V. References

The following references are on display at the Dockets Management Staff (see ADDRESSES) and are available for Start Printed Page 42909viewing by interested persons between 9 a.m. and 4 p.m. Monday through Friday; they are also available electronically at FDA has verified the website addresses, as of the date this document publishes in the Federal Register, but websites are subject to change over time.

1. Petersen, L.R. and A.M. Powers, “Chikungunya: Epidemiology,” F1000Research, 5(F1000 Faculty Rev):82, 2016.

2. Sergon, K., A.A. Yahaya, J. Brown, et al., “Seroprevalence of Chikungunya Virus Infection on Grande Comore Island, Union of the Comoros, 2005,” American Journal of Tropical Medicine and Hygiene, 76:1189-1193, 2007.

3. Simon, F., E. Javelle, A. Cabie, et al., “French Guidelines for the Management of Chikungunya (Acute and Persistent Presentations) November 2014,” Medecine Et Maladies Infectieuses, 45:243-263, 2015.

4. Borgherini, G., P. Poubeau, A. Jossaume, et al., “Persistent Arthralgia Associated With Chikungunya Virus: A Study of 88 Adult Patients on Reunion Island,” Clinical Infectious Diseases, 47:469-475, 2008.

5. Abdelnabi, R., J. Neyts, and L. Delang, “Towards Antivirals Against Chikungunya Virus,” Antiviral Research, 121:59-68, 2015.

6. McSweegan, E., S.C. Weaver, M. Lecuit, et al., “The Global Virus Network: Challenging Chikungunya,” Antiviral Research, 120:147-152, 2015.

7. LaBeaud, A.D., “Why Arboviruses Can Be Neglected Tropical Diseases,” PLOS Neglected Tropical Disease, 2:e247, 2008.

8. CDC, “Chikungunya: 2015 Final Data for the United States;” available at​chikungunya/​geo/​united-states-2015.html.

9. Pan American Health Organization, Regional Office for the Americans of the World Health Organization, “Chikungunya;” available at​hq/​index.php?​option=​com_​topics&​view=​article&​id=​343&​Itemid=​40931.

10. CDC, “Chikungunya Virus Geographic Distribution;” available at​chikungunya/​geo/​index.html.

11. Writer, J.V. and L. Hurt, “Chikungunya Infection in DoD Healthcare Beneficiaries Following the 2013 Introduction of the Virus into the Western Hemisphere, 1 January 2014 to 28 February 2015,” Medical Surveillance Monthly Report, 22:2-6, 2015.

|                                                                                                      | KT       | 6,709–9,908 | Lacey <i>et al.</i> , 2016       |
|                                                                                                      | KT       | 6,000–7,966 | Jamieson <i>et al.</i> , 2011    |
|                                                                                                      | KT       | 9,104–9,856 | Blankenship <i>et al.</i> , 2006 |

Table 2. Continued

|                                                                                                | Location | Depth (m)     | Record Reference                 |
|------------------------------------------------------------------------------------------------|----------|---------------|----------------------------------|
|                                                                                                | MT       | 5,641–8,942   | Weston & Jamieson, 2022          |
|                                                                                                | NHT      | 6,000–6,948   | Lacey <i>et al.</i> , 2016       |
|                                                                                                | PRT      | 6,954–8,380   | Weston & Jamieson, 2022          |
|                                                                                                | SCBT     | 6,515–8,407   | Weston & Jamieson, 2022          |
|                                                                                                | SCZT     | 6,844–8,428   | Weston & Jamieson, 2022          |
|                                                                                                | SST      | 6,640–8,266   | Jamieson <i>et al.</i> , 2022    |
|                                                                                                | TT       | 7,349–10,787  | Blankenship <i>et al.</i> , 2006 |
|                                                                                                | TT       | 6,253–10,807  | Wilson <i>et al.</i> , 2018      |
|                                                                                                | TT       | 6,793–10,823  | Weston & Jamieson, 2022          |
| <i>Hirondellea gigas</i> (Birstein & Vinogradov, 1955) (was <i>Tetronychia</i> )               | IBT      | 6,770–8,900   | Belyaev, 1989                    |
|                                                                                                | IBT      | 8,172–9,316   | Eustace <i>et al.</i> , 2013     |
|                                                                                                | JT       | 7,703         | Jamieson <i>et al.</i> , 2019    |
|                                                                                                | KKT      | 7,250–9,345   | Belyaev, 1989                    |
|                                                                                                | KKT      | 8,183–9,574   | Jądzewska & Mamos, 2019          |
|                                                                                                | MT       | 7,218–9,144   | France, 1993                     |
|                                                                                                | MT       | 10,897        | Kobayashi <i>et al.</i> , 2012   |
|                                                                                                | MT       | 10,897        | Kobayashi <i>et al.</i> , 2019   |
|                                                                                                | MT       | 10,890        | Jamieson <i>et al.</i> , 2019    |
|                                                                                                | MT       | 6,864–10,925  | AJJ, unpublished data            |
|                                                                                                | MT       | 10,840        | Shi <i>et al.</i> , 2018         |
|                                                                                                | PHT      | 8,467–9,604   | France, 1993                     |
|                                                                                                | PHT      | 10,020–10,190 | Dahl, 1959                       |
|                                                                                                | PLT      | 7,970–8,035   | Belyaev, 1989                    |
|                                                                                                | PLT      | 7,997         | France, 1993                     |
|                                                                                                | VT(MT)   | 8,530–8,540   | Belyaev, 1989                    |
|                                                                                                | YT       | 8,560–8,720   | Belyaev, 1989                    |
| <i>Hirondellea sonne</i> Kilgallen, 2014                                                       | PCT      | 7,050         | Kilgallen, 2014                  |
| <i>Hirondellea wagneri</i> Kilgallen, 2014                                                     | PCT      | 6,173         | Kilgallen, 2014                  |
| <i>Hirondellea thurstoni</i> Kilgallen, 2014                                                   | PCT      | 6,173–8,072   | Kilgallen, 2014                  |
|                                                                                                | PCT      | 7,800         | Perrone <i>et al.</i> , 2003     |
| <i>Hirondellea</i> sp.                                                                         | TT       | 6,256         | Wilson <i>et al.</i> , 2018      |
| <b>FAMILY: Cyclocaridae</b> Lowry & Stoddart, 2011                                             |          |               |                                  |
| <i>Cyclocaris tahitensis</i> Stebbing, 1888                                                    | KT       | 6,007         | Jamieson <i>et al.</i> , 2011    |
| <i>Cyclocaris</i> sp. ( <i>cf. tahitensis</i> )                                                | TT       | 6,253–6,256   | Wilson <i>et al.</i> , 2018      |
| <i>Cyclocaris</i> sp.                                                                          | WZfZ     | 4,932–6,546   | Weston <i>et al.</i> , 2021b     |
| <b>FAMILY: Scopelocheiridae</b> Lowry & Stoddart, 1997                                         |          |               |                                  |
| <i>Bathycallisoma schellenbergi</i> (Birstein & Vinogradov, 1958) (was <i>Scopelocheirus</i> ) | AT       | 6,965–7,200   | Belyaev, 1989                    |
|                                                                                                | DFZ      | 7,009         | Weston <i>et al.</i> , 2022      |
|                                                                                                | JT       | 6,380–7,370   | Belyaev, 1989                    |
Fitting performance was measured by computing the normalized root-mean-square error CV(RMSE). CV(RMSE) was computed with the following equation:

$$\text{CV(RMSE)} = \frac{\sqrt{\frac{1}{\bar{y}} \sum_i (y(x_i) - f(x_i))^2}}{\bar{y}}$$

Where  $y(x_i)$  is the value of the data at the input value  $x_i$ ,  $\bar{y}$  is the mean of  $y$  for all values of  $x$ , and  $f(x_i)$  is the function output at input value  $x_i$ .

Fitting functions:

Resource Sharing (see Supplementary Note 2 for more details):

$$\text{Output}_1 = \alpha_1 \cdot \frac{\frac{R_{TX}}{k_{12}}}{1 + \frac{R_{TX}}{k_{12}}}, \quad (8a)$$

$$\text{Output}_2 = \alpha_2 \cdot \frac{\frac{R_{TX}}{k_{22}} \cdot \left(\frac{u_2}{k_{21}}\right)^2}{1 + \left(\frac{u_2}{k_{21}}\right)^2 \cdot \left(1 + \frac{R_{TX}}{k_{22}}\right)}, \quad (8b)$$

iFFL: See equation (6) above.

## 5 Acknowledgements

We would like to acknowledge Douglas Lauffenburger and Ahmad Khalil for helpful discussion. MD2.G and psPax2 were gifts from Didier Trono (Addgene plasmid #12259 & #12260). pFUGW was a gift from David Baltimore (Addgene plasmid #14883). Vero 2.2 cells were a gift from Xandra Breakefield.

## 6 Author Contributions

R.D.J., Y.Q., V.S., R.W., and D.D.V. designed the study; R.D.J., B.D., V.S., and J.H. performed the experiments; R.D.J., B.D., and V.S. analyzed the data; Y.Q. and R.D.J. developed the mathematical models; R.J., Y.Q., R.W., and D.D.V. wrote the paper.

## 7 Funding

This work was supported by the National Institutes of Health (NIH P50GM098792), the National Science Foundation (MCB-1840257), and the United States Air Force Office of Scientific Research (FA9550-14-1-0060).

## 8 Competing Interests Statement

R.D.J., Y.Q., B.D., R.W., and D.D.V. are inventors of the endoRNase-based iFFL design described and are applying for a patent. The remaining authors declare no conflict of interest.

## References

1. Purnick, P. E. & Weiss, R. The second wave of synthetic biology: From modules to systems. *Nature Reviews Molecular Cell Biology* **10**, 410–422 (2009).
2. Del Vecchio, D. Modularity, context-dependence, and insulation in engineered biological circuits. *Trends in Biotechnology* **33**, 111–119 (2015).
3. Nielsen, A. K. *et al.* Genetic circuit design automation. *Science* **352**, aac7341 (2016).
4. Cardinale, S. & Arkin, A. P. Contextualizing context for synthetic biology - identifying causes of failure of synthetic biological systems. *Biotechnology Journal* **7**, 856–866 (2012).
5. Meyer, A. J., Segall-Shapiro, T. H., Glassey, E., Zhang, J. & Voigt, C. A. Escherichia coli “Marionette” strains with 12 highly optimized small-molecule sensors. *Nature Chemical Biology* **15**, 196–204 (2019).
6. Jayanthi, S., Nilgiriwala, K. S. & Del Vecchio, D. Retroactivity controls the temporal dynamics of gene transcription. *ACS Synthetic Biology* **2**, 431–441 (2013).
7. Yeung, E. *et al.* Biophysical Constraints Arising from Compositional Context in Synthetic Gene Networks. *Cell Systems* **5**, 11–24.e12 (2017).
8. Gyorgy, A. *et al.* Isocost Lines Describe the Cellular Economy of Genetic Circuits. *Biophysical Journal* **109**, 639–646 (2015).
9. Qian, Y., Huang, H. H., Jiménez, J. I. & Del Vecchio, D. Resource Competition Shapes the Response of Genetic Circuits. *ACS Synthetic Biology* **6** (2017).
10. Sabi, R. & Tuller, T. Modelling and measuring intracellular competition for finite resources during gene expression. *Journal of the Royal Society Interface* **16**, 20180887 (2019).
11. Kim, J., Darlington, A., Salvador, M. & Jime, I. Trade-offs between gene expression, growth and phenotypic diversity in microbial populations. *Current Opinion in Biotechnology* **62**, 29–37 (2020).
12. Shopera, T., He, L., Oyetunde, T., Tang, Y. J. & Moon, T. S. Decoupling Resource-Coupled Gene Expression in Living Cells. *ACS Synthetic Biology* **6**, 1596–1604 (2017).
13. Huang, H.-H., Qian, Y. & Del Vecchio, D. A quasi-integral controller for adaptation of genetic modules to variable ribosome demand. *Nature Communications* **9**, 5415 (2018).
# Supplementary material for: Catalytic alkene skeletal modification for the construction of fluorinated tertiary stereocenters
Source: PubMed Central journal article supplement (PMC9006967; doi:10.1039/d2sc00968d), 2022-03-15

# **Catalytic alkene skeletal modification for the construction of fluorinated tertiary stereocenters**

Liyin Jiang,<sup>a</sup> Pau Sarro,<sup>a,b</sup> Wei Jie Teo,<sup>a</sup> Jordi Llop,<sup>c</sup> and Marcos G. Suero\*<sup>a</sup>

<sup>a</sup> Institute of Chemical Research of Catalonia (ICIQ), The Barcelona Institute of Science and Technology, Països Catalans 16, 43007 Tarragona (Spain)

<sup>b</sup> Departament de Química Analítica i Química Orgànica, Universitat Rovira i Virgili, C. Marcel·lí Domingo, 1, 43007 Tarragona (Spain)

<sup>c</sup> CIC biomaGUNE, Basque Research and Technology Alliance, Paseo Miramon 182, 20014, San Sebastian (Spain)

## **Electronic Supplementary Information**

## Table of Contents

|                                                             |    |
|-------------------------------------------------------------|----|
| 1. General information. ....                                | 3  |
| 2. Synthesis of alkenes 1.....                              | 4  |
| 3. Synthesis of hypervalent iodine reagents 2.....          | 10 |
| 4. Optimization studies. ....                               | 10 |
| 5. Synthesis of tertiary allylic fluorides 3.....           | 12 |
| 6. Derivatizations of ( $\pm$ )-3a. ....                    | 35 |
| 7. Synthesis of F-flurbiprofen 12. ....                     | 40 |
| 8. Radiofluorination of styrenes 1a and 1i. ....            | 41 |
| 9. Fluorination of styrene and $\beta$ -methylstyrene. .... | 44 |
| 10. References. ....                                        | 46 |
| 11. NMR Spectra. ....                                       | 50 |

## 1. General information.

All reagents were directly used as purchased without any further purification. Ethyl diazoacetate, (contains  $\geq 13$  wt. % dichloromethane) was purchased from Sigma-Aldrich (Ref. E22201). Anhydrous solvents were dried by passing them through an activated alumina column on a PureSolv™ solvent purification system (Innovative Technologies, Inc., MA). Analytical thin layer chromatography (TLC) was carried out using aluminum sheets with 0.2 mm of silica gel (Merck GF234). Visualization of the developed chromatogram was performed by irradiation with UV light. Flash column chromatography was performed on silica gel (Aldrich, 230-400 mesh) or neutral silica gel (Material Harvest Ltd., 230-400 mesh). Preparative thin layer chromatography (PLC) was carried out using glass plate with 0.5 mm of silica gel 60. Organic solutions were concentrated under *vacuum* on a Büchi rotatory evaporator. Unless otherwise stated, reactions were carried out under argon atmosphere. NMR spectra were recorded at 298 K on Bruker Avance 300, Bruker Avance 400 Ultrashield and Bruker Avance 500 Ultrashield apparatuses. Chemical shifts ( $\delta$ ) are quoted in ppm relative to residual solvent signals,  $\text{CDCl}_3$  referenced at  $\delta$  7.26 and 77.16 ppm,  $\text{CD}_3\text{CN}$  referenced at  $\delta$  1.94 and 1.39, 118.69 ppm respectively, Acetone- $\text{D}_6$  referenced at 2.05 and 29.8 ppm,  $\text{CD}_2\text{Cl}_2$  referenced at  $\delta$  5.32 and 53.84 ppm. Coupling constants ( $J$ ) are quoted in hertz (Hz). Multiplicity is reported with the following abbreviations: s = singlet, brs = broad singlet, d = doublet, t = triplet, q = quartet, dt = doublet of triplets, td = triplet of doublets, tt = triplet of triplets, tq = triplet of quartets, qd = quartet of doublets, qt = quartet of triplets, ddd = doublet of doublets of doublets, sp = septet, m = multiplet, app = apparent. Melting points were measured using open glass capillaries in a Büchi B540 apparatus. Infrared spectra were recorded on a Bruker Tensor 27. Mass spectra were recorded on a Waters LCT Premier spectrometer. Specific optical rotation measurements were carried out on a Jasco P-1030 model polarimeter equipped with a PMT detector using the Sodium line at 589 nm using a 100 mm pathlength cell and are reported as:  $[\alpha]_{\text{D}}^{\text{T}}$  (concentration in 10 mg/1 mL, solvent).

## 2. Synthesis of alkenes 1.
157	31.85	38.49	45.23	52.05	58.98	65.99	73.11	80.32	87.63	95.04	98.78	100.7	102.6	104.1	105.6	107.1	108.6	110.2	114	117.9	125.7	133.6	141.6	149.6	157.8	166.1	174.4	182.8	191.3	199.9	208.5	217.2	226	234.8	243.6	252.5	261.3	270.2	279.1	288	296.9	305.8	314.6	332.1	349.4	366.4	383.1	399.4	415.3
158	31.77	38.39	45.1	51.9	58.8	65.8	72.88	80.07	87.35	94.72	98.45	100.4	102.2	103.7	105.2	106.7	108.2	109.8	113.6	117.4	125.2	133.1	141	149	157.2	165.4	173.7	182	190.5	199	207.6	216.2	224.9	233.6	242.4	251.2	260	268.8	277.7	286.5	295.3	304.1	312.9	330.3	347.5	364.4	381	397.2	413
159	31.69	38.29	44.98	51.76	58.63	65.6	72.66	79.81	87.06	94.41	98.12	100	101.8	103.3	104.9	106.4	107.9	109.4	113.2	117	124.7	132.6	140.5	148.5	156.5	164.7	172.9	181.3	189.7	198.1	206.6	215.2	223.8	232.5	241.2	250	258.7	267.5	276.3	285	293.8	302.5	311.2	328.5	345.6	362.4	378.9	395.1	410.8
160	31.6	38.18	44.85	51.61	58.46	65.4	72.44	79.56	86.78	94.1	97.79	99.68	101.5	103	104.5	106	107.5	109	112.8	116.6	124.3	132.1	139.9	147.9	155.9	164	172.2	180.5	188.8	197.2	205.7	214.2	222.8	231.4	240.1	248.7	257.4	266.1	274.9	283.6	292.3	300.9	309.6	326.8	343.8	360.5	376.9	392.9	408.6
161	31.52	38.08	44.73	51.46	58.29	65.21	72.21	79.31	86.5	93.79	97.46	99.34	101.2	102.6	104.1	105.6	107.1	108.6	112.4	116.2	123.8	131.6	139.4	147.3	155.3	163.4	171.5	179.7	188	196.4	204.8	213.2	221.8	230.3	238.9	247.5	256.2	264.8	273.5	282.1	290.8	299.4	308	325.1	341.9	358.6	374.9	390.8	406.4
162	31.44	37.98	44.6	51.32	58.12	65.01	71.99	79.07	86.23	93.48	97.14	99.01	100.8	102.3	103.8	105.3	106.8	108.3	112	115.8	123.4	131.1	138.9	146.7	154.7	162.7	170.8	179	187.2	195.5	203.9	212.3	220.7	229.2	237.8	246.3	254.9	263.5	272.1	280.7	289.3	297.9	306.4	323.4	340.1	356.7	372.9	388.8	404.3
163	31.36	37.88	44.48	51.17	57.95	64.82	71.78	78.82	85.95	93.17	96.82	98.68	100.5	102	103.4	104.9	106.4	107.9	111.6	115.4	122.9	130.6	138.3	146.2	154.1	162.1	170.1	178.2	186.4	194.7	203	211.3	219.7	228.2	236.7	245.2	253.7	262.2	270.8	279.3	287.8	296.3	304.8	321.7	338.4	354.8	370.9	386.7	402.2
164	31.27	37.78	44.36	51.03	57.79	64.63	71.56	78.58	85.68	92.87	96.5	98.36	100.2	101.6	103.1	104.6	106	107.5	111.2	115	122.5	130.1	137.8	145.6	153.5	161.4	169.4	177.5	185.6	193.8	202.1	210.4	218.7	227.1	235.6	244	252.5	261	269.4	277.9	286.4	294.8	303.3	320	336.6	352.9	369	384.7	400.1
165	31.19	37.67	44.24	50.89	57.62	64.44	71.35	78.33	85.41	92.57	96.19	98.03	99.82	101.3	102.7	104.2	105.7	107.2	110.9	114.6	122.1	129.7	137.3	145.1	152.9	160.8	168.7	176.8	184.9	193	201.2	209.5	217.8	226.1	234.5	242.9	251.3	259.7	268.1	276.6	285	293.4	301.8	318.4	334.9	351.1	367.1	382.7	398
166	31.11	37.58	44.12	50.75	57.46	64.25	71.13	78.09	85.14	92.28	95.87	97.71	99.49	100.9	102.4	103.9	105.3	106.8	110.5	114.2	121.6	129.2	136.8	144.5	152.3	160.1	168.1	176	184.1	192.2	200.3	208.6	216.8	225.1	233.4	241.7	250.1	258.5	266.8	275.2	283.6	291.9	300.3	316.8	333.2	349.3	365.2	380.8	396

12. Labeaud, A.D., F. Bashir, and C.H. King, “Measuring the Burden of Arboviral Diseases: The Spectrum of Morbidity and Mortality from Four Prevalent Infections,” Population Health Metrics, 9:1, 2011.

13. Marimoutou, C., E. Vivier, M. Oliver, et al., “Morbidity and Impaired Quality of Life 30 Months After Chikungunya Infection: Comparative Cohort of Infected and Uninfected French Military Policemen in Reunion Island,” Medicine (Baltimore), 91:212-219, 2012.

14. Krishnamoorthy, K., K.T. Harichandrakumar, A. Krishna Kumari, et al., “Burden of Chikungunya in India: Estimates of Disability Adjusted Life Years (DALY) Lost in 2006 Epidemic,” Journal of Vector Borne Diseases, 46:26-35, 2009.

15. Labeaud, A.D., F. Bashir, C.H. King, “Measuring the Burden of Arboviral Diseases: The Spectrum of Morbidity and Mortality from Four Prevalent Infections,” Population Health Metrics, 9:1, 2011.

16. Crosby, L., C. Perreau, B. Madeux, et al., “Severe Manifestations of Chikungunya Virus in Critically Ill Patients During the 2013-2014 Caribbean Outbreak,” International Journal of Infectious Diseases, 48:78-80, 2016.

17. WHO Neglected Tropical Diseases Program, “Neglected Tropical Diseases;” available at​neglected_​diseases/​diseases/​en/​( accessed August 19, 2016).

18. Seregin, A., N. Yun, and S. Paessler, “Lymphocytic Choriomenengitis, Lassa Fever, and South American Hemorrhagic Fevers (Arenaviruses),” in: Mandell, G.L., J.E. Bennett, and R. Dolin, eds. Mandell, Douglas, and Bennett's Principles and Practice of Infectious Diseases, 8th ed. PA: Churchill Livingstone Elsevier; 2031-2037, 2014.

19. CDC, “Imported Lassa Fever—New Jersey, 2004,” Morbidity and Mortality Weekly Report, 53:894-897, 2004, available at​pubmed/​15457145.

20. Cummins, D., J.B. McCormick, D. Bennett, et al., “Acute Sensorineural Deafness in Lassa Fever,” Journal of the American Medical Association, 264:2093-2096, 1990.

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Start Signature

Dated: August 21, 2018.

Leslie Kux, Associate Commissioner for Policy.

End Signature End Supplemental Information

[FR Doc. 2018-18314 Filed 8-23-18; 8:45 am]